An alternative completion technique that proved incredibly successful in the San Juan Basin of Northern New Mexico and Southern Colorado has been "cavitation" [1. This process requires the injection of high-pressure air into the wellbore to increase the pressure in the cleats in the first few inches of coal, and then the pressure is rapidly dropped to try to expand the trapped air enough to blast the coal from the matrix and flow the solid coal to surface. This process is repeated dozens of times over several days or weeks until the coal stops flowing.

The results in San Juan show that a well that is able to cavitate will outperform a similar well that is not cavitated by a factor of 10 to 40 times (e.g., a well that would yield a 10 MMSCF (million standard cubic feet)/day rate cavitated will make something between 250 and 1,000 MSCF (thousand standard cubic feet)/day not cavitated) and a cavitated well will outperform a similar well that is cased, cemented, and fracked by 50 to 100 times. The purpose of the industry would say "if a well will cavitate, you must cavitate it."

There are a number of companies developing coals that would have a high potential for successful cavitation. Generally these wells are completed with either open-hole, non-cavitated completions or they are cased, cemented, and fracked. One company says that the reason for not cavitating is that the required duration of the procedure is quite variable and "[cavitation messes up the rig schedule." Another says that the reason for cementing production casing across the coal is that it is "company policy." Neither rig schedules nor outdated policies have considered the optimization of profit from the reservoir.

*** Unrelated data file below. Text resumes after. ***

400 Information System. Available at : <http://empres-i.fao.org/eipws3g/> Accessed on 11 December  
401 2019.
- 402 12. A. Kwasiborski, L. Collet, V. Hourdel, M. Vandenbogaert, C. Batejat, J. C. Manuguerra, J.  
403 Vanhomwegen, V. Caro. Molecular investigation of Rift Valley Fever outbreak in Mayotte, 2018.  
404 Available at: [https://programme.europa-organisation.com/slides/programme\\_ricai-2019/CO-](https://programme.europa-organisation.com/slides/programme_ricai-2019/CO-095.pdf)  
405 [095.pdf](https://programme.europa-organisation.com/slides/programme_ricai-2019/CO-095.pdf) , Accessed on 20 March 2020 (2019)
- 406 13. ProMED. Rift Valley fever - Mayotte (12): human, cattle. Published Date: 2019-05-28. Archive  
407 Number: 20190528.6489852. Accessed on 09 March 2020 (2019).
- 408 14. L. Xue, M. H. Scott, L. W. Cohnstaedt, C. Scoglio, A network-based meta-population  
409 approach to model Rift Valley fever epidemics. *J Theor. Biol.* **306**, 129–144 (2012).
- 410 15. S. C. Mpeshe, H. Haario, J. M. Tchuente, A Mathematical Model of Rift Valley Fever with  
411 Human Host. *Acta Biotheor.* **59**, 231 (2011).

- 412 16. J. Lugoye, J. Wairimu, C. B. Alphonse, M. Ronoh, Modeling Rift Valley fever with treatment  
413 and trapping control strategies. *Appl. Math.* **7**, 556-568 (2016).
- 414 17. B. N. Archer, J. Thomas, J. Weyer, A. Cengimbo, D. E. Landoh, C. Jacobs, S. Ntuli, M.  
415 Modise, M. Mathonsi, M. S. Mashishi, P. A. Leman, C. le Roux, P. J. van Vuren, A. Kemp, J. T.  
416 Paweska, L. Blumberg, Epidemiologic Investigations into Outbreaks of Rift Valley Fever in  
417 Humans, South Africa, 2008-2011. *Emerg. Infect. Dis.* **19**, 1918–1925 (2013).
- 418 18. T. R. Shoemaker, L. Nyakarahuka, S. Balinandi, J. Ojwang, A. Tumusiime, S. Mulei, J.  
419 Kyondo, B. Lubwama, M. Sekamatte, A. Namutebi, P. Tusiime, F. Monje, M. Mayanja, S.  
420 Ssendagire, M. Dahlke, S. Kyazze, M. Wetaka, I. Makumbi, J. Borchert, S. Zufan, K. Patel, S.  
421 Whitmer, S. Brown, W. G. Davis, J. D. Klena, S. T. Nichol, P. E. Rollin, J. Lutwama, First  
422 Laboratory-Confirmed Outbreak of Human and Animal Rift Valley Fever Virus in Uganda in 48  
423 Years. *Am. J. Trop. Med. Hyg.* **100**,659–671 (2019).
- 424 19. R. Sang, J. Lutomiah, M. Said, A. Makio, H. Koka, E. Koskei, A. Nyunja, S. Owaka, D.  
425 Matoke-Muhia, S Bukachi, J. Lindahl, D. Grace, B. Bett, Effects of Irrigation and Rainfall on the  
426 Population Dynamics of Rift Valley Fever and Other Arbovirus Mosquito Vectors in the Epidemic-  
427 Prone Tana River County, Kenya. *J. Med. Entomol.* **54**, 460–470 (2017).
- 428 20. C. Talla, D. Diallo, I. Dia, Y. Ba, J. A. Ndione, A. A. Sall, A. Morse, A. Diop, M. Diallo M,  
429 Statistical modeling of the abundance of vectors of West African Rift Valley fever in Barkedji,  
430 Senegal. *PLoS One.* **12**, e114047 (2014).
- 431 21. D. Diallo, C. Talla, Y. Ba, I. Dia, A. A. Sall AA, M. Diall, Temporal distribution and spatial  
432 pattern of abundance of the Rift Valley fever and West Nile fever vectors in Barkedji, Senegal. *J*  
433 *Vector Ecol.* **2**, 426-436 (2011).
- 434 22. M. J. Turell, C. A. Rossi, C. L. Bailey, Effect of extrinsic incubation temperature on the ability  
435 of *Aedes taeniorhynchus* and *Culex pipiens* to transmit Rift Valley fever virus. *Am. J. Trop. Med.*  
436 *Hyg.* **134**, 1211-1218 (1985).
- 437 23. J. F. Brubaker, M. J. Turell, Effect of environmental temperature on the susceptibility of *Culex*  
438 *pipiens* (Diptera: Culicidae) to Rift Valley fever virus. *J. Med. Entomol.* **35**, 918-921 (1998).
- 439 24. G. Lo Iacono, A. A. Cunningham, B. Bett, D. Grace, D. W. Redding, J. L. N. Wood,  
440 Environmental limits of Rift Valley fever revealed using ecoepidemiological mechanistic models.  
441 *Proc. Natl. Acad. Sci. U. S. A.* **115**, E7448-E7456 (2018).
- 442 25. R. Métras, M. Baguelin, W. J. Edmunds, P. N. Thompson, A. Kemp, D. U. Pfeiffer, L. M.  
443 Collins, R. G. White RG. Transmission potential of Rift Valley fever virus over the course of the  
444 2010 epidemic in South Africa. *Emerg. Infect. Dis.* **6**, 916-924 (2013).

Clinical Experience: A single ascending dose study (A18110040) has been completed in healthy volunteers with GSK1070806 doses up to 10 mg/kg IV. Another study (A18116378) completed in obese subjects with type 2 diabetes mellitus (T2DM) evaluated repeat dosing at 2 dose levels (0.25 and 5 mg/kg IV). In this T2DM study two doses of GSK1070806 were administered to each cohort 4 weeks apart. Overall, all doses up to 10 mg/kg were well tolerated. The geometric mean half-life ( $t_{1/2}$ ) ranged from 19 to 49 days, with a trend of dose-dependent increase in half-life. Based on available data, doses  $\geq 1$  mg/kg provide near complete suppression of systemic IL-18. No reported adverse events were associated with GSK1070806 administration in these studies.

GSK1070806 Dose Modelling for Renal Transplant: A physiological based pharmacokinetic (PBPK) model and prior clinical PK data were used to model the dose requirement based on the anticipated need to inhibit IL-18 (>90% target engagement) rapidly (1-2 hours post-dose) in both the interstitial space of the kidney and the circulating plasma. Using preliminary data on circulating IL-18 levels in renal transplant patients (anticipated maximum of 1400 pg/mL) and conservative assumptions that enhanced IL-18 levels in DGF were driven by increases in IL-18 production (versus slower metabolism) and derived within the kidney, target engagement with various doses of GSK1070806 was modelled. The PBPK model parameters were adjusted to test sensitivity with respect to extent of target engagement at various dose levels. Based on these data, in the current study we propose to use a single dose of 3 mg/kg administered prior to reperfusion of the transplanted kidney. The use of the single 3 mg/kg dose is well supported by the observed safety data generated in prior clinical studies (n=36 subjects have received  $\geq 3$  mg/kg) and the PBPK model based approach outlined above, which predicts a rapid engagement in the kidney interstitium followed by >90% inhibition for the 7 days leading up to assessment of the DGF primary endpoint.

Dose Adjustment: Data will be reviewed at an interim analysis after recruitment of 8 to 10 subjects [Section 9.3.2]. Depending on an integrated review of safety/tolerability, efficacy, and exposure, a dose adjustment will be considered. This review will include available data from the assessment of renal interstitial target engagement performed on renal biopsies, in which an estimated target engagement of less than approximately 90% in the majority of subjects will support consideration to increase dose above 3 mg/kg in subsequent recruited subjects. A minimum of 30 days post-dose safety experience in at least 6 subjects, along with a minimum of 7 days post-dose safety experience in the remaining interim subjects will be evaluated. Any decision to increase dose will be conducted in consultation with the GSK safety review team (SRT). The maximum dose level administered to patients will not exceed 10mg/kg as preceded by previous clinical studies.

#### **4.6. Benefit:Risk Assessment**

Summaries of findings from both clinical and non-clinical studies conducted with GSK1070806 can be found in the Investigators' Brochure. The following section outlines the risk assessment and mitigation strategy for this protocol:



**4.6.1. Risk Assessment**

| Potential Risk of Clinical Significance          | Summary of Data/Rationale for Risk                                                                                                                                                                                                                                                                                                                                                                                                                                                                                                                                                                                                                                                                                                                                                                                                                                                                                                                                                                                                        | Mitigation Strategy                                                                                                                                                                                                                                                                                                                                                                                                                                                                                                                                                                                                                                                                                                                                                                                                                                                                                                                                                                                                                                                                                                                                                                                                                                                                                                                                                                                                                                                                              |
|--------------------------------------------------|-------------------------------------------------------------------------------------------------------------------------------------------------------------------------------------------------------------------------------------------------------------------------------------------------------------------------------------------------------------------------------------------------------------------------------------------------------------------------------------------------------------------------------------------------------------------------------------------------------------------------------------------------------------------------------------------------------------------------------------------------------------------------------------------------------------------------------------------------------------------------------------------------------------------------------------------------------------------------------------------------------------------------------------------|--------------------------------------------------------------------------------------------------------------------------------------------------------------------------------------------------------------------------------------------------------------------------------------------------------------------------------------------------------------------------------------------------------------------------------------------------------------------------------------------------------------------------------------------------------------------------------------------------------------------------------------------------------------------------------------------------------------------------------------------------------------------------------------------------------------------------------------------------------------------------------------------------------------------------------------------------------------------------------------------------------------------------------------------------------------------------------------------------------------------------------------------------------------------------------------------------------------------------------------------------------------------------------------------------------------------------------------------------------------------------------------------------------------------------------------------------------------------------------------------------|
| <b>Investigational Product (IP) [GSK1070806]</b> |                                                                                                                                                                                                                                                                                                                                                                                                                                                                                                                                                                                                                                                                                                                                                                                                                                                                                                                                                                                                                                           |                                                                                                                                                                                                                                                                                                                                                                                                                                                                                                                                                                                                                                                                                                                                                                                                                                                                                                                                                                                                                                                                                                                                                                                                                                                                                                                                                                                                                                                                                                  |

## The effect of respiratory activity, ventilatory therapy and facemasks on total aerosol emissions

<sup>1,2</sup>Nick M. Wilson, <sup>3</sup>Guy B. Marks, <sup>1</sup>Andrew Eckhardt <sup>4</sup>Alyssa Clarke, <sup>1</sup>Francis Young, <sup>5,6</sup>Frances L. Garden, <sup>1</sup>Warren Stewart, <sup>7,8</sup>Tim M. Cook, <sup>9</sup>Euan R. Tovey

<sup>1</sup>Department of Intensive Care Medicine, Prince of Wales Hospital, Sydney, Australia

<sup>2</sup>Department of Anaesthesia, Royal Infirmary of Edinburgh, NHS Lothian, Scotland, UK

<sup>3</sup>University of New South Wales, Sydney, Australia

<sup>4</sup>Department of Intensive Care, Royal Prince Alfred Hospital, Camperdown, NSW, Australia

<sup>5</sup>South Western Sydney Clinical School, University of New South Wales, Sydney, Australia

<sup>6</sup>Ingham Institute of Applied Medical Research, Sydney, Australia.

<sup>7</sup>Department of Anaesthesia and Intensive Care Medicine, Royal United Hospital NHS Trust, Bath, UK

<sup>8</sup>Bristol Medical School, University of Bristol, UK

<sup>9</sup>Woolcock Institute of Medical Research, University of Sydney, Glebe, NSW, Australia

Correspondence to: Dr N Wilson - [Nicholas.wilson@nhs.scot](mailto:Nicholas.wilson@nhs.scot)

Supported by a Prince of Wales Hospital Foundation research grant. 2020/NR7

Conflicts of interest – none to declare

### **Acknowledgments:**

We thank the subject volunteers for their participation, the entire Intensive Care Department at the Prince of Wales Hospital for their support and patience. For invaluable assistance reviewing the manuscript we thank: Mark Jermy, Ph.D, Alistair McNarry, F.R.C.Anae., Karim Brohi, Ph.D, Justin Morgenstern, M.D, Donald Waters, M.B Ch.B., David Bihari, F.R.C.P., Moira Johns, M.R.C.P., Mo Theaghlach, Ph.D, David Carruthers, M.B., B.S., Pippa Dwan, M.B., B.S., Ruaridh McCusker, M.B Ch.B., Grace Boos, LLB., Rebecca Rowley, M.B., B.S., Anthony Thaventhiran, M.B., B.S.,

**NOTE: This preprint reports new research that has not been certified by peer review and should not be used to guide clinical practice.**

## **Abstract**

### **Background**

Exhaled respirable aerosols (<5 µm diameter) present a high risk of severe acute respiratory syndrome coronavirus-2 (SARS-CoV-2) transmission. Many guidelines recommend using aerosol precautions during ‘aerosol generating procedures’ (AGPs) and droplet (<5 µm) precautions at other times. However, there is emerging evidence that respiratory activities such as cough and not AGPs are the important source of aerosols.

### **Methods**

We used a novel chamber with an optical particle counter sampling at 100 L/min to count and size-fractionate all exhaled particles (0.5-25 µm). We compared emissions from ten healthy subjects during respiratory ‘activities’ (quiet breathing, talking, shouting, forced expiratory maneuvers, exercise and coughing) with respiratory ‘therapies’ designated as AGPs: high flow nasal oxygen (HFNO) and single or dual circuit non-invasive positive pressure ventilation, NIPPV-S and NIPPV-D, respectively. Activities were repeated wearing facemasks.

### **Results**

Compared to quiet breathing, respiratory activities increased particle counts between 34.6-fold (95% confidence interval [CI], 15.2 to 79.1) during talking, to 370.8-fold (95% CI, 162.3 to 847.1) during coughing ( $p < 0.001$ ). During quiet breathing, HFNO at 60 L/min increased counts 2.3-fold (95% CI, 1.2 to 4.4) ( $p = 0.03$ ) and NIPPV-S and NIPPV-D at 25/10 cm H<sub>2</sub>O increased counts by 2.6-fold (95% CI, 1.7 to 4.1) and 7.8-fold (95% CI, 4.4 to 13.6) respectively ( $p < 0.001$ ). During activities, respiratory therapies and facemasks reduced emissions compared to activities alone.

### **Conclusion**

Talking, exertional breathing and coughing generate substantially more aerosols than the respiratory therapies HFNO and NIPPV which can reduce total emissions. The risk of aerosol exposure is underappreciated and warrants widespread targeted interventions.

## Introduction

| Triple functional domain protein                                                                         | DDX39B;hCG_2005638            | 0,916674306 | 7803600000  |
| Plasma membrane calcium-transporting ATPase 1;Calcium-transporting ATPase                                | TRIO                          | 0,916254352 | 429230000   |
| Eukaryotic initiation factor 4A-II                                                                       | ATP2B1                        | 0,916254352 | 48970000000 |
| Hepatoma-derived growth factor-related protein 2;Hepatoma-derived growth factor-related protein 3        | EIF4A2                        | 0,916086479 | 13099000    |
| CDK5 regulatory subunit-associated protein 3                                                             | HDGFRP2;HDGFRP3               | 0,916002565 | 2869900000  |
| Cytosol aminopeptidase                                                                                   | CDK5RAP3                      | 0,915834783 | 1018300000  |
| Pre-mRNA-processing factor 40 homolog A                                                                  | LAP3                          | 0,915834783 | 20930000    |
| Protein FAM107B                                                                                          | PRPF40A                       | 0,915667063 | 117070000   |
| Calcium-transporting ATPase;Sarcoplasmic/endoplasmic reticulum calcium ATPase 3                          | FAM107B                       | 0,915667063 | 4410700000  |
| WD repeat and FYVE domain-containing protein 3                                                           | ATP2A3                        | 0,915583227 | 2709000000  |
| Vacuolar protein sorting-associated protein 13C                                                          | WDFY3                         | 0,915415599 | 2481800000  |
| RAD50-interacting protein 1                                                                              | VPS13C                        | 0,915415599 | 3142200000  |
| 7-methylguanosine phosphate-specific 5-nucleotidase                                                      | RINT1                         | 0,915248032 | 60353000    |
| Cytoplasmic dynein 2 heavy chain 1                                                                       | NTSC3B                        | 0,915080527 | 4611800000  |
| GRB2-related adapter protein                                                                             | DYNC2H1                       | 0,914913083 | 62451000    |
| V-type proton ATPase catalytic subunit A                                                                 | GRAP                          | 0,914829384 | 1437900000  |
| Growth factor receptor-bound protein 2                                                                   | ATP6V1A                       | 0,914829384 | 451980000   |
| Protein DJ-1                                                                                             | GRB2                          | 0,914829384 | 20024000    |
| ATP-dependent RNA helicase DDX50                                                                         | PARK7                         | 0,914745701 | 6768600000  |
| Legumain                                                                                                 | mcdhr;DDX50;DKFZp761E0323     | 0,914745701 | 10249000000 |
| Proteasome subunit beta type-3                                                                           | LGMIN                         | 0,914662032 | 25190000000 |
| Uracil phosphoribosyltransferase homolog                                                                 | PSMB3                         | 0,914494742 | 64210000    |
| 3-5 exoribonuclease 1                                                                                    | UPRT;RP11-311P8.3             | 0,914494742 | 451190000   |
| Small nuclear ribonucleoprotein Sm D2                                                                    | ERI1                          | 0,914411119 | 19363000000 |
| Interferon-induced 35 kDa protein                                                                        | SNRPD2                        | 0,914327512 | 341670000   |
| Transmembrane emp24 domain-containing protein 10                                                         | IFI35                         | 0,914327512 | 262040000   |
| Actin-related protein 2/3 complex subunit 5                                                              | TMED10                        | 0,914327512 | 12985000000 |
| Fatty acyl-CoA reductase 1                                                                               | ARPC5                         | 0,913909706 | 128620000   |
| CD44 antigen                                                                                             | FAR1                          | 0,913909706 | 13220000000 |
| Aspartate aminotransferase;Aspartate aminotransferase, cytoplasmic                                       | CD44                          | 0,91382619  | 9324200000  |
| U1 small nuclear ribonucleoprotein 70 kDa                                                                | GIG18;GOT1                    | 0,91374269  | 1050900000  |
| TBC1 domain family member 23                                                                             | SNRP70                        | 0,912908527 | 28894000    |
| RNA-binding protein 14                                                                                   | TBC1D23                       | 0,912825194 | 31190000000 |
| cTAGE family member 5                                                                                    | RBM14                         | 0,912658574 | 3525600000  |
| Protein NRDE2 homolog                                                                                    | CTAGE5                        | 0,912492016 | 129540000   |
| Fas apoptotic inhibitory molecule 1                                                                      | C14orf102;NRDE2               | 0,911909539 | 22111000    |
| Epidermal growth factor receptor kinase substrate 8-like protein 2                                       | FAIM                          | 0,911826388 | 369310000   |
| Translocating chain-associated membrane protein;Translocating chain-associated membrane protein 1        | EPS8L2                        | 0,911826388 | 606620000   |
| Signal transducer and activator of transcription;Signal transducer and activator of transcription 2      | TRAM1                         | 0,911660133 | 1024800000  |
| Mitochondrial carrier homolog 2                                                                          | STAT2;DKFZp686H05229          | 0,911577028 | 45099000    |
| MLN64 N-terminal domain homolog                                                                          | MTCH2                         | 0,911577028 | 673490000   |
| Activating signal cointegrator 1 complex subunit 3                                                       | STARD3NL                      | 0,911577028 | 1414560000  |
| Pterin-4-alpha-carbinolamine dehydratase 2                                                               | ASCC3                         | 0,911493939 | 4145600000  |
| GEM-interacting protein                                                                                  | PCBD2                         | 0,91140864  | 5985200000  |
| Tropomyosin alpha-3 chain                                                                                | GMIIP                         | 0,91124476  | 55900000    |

Wellwork is another area where the industry has lost track of reality. Historically it was common to pull tubing from a producing well by setting a plug in the tubing and stripping the tubing out of the hole. This has been done millions of times with success.

Today's risk intolerance requires a second barrier, so kill-fluid is pumped into the wellbore to pull tubing. Some reservoirs tolerate this very well and return to production after wellwork with minimal disruption. Other formations struggle. As reservoir pressure comes down, the frequency of wells not recovering from kill-fluid increases. The CBM wells in the San Juan Basin Fairway generally have reservoir pressures under 100 psia (689 kPa). At that pressure, the ability of the reservoir to overcome waterlogged flow-channels in the near wellbore is quite limited. Killing one of these wells has the tendency to reduce gas production to near zero for months or even forever. But PSM says that stripping tubing out of a live well is simply too dangerous to be considered.

Finally, wellbore jewelry has gotten very risk intolerant. One of my clients was experiencing significant lost production due to liquid loading in a tight-gas field. My first question was, "What is the pressure on the annulus?" The response was that there is a packer and the annulus is full of annulus fluid. In a gas well, access to the annulus for pressure monitoring and for flow during deliquification evolutions is critical to success. The answer to the packer question was "company policy, we must have two boundaries between the reservoir and uphole aquifers; the annulus fluid ensures that we know if there is a casing failure." This environmental risk intolerance will result in decreasing ultimate recovery in this field to about half of expected levels. There really isn't any way to recover from these choices. Most intervention tools available later in life require access to the annulus.

[1. Palmer, I.D., Mavor, M.J. et al, Openhole Cavity Completions in Coalbed Methane Wells in the San Juan Basin, SPE 24906, Journal of Petroleum Technology, Volume 45 Number 11, November 1993

David Simpson, P.E., is the owner and principal engineer at Muleshoe Engineering. David is an MVP in the professional forums at and is a member of the Engineering Writers Guild. This article was originally published on and is adapted with permission. For more stories like this please visit